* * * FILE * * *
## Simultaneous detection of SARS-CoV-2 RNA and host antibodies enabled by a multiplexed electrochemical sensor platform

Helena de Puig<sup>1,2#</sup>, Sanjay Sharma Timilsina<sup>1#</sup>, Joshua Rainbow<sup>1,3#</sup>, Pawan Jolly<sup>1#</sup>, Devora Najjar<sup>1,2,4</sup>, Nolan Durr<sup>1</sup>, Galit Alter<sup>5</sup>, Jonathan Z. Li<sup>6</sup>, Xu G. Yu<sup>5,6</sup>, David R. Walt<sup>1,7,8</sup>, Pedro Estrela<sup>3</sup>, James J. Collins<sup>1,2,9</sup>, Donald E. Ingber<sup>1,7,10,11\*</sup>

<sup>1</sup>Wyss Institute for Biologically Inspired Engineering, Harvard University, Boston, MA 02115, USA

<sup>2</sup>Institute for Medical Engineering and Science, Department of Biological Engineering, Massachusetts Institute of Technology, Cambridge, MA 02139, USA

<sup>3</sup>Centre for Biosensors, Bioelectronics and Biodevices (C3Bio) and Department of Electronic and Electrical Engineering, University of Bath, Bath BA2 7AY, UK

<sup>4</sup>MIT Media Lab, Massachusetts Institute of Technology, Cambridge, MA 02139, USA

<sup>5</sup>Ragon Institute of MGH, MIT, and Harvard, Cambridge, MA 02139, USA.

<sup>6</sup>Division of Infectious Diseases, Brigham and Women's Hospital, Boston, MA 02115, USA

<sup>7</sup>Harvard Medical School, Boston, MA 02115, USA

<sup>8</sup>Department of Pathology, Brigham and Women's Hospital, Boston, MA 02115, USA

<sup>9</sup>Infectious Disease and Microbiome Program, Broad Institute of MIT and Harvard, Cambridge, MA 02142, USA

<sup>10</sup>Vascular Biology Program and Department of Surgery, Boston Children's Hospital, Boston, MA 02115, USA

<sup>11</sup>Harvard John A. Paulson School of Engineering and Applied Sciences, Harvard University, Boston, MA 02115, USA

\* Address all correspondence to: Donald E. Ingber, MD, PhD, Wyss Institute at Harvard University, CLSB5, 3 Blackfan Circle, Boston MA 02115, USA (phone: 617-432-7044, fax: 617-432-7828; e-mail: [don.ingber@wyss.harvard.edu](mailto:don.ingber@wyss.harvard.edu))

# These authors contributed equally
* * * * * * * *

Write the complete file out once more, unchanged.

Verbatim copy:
## Simultaneous detection of SARS-CoV-2 RNA and host antibodies enabled by a multiplexed electrochemical sensor platform

Helena de Puig<sup>1,2#</sup>, Sanjay Sharma Timilsina<sup>1#</sup>, Joshua Rainbow<sup>1,3#</sup>, Pawan Jolly<sup>1#</sup>, Devora Najjar<sup>1,2,4</sup>, Nolan Durr<sup>1</sup>, Galit Alter<sup>5</sup>, Jonathan Z. Li<sup>6</sup>, Xu G. Yu<sup>5,6</sup>, David R. Walt<sup>1,7,8</sup>, Pedro Estrela<sup>3</sup>, James J. Collins<sup>1,2,9</sup>, Donald E. Ingber<sup>1,7,10,11\*</sup>

<sup>1</sup>Wyss Institute for Biologically Inspired Engineering, Harvard University, Boston, MA 02115, USA

<sup>2</sup>Institute for Medical Engineering and Science, Department of Biological Engineering, Massachusetts Institute of Technology, Cambridge, MA 02139, USA

<sup>3</sup>Centre for Biosensors, Bioelectronics and Biodevices (C3Bio) and Department of Electronic and Electrical Engineering, University of Bath, Bath BA2 7AY, UK

<sup>4</sup>MIT Media Lab, Massachusetts Institute of Technology, Cambridge, MA 02139, USA

<sup>5</sup>Ragon Institute of MGH, MIT, and Harvard, Cambridge, MA 02139, USA.

<sup>6</sup>Division of Infectious Diseases, Brigham and Women's Hospital, Boston, MA 02115, USA

<sup>7</sup>Harvard Medical School, Boston, MA 02115, USA

<sup>8</sup>Department of Pathology, Brigham and Women's Hospital, Boston, MA 02115, USA

<sup>9</sup>Infectious Disease and Microbiome Program, Broad Institute of MIT and Harvard, Cambridge, MA 02142, USA

<sup>10</sup>Vascular Biology Program and Department of Surgery, Boston Children's Hospital, Boston, MA 02115, USA

<sup>11</sup>Harvard John A. Paulson School of Engineering and Applied Sciences, Harvard University, Boston, MA 02115, USA

\* Address all correspondence to: Donald E. Ingber, MD, PhD, Wyss Institute at Harvard University, CLSB5, 3 Blackfan Circle, Boston MA 02115, USA (phone: 617-432-7044, fax: 617-432-7828; e-mail: [don.ingber@wyss.harvard.edu](mailto:don.ingber@wyss.harvard.edu))

# These authors contributed equally